With over three dozen positions to fill, Oli, Deuba want to share spoilsExperts warn such appointees will be loyal to politicians, not constitutional bodies.
Amid the delay in appointments to several constitutional commissions, Prime Minister KP Sharma Oli and Nepali Congress President Sher Bahadur Deuba have intensified negotiations on the sharing of over three dozen positions, which, according to experts, is an assault on the spirit of the constitution.
The two leaders met on Thursday and Friday and are scheduled to meet again on Sunday to finalise the sharing deal. Oli will be calling a meeting of the Constitutional Council once he reaches a consensus with the leader of the opposition, a member of the commission.
Senior Advocate Bhimarjun Acharya, who specialises on constitutional law, said that the act of Oli and Deuba is condemnable. “Those handpicked by Oli and Deuba can never be loyal to the institution, they will be loyal to them instead,” he told the Post. “Such appointees might have their legal authority but won’t have moral authority to act independently.”
Subas Nembang, deputy parliamentary party leader of the Nepal Communist Party (NCP), who was present in Friday’s meeting, said Oli and Deuba could agree on the appointments in 13 constitutional commissions. Forty constitutional positions remain to be filled in those commissions.
“Prime Minister Oli, after an agreement with Deuba, will call a meeting of the council, most probably within three to four days,” he told the Post.
According to party sources, the ongoing negotiations are focused on the appointments to the Commission for Investigation on Abuse of Authority, the anti-corruption watchdog which is being legally strengthened, and the Election Commission. Each has two positions vacant.
The Nepali Congress wants its say in the recommendation of one position each in the corruption watchdog and the Election Commission. It wants former additional inspector general of Nepal Police Jaya Bahadur Chand to be recommended for a position while the ruling party’s probable pick is former home secretary Prem Kumar Rai, according to party sources.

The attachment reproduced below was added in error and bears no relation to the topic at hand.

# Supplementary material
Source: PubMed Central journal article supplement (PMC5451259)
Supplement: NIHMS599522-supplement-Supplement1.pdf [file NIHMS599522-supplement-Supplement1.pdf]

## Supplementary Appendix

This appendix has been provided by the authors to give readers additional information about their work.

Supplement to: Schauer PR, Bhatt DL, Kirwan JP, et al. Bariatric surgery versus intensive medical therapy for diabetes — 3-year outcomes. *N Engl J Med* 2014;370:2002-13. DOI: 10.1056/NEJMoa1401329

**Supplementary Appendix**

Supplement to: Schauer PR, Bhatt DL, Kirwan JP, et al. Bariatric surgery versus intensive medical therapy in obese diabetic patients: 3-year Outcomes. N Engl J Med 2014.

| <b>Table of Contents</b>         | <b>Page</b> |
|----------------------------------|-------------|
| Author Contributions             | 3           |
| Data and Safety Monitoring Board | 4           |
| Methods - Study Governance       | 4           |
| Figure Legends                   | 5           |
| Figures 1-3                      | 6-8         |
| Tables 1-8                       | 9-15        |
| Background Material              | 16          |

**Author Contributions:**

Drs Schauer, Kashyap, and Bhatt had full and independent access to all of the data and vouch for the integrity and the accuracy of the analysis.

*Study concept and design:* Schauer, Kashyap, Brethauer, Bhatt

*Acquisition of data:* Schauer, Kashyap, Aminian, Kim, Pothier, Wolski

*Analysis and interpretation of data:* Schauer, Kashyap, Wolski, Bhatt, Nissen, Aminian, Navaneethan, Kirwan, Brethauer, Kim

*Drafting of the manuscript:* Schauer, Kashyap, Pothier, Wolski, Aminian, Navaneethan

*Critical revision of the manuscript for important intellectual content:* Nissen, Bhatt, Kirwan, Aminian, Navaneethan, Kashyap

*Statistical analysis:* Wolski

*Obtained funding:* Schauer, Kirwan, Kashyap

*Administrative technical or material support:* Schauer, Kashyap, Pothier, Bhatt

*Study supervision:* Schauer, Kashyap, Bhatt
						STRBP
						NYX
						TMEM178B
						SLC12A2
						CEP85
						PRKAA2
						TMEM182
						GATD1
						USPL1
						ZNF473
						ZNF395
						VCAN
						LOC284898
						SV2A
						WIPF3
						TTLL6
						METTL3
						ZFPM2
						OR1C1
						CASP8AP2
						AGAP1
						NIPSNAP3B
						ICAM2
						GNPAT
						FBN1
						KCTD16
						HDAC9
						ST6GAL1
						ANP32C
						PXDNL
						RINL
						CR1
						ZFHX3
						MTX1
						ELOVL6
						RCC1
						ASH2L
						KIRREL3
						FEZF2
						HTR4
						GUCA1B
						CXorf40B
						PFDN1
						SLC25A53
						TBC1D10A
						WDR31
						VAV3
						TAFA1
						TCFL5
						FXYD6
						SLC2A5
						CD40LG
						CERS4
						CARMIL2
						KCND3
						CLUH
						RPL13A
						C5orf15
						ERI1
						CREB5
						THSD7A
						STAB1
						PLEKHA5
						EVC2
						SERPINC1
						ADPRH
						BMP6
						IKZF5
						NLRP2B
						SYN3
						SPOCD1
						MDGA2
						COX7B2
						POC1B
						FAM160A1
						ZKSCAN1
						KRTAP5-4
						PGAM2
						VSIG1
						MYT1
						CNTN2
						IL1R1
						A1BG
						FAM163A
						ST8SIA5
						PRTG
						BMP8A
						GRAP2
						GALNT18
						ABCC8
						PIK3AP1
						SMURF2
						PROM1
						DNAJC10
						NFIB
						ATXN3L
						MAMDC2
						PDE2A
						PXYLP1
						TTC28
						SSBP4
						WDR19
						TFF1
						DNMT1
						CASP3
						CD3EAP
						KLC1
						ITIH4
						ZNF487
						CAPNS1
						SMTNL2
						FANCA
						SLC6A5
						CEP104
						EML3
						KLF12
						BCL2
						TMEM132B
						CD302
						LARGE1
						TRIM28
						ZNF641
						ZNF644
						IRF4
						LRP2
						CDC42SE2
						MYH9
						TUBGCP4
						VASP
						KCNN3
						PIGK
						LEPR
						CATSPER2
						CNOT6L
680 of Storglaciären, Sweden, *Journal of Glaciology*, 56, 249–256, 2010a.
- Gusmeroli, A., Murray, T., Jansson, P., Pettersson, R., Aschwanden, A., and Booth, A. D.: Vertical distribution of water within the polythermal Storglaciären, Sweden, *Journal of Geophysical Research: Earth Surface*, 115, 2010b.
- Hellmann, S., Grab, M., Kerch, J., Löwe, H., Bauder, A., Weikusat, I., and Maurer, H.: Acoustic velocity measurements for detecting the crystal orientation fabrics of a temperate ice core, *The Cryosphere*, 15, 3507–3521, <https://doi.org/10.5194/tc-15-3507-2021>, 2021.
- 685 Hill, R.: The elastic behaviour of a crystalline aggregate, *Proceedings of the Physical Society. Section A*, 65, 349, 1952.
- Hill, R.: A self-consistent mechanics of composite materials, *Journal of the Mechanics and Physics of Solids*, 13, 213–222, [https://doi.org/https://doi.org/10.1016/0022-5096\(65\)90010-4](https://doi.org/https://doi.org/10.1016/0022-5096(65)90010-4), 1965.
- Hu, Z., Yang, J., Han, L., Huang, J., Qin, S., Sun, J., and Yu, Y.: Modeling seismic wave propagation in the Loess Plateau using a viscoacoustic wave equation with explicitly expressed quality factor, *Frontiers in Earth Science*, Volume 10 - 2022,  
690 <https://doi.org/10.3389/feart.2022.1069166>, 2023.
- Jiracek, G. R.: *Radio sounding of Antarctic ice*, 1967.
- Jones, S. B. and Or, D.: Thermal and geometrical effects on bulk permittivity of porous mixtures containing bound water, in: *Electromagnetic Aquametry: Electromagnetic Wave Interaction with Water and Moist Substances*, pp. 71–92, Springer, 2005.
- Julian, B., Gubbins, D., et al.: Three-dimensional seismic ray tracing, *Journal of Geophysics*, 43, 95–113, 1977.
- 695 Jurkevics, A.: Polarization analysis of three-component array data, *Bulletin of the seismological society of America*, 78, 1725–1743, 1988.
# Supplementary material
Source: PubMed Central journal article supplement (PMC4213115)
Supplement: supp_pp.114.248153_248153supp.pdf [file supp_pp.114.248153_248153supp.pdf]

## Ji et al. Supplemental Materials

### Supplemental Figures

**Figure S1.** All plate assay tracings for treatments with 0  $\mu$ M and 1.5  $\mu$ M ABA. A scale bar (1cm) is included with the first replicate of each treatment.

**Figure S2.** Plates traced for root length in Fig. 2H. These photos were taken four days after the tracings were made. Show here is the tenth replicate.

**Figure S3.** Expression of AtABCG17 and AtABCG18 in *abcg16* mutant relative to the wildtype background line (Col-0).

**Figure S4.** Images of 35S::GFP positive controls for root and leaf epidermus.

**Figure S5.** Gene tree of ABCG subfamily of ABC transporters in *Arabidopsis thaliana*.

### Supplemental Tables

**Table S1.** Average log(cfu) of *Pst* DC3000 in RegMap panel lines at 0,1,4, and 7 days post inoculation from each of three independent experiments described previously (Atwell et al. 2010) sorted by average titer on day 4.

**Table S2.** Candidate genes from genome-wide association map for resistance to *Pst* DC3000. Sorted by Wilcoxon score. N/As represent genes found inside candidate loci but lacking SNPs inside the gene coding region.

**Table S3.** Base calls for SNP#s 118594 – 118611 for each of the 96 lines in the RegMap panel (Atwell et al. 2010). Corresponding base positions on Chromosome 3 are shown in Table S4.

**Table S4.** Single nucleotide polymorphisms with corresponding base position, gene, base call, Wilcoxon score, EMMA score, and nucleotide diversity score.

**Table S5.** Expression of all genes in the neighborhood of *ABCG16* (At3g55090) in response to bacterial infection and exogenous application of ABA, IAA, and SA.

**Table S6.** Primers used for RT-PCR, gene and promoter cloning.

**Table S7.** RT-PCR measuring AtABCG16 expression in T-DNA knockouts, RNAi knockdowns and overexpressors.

The seven-member council headed by the prime minister recommends the names for the constitutional commissions to be appointed after getting through parliamentary hearing.
The constitution envisages the inclusion of the leader of the opposition to vet the names the prime minister proposes, according to constitutional expert Bipin Adhikari, former dean at Kathmandu University School of Law, since the members in the council are close to the ruling party.
“But if there is a deal between Oli and Deuba, other members will not dare challenge it,’’ he said.
Oli and Deuba had a one on one meeting on Thursday but Nembang and Ramesh Lekhak from the Nepali Congress joined them in Friday's meeting. They will be present at Sunday's meeting when the two parties are expected to finalise the deal.
Congress leaders say as Oli monopolised the appointments in the past, they don’t want a repeat of that.
“Appointments to constitutional bodies are not Oli’s prerogative. The opposition should be taken in for consensus,” he told the Post.
Constitutional experts say the present negotiations between the two parties will turn the constitutional council into a rubber stamp, which is a direct violation of the Constitution of Nepal.
“The degradation in the appointment process in the constitutional bodies that started in the 1990's has further deteriorated with the latest negotiation,” Adhikari told the Post. “We cannot expect capable and qualified people to get appointed when the prime minister and the leader of the opposition hold the Constitutional Council hostage.”
Appointment of controversial figures like Gopal Parajuli, who lied about his date of birth, and Cholendra Sumsher Rana, whose impeachment is being demanded after a controversial verdict last month, as the chief justice and Lokman Singh Karki as the chief of the anti-graft commission, who was removed ignominiously, suggests how politicised the appointment process is in the constitutional bodies, he said.
Besides the anti-corruption body and the Election Commission, six inclusion commissions too are vacant.
While four commissions—Madhesi, Dalit, Tharu and Muslim—have chairpersons but no members, two others—Women and Indigenous Nationalities—don’t even have chairpersons. The Inclusion Commission had a chairperson until July 28 last year, when Shanta Raj Subedi resigned from the post. Each has five members including the chairperson.
The last time the council met was on March 25 last year, when Dinesh Thapaliya was recommended as the chief commissioner of the Election Commission and Bishnu Maya Ojha as a member of the Inclusion Commission.
The council had been called to meet on October 22 and again on November 13 last year but the sittings were deferred both times as Deuba failed to show up. The council on January 20, 2019 had picked the chairperson for the Madhesi, Dalit, Tharu and Muslim commissions despite the reservations of the main opposition.
The primary opposition, as a protest against the recommendation, had boycotted the parliamentary hearing process. But since the ruling party had a majority in the hearing committee, the council’s picks were endorsed.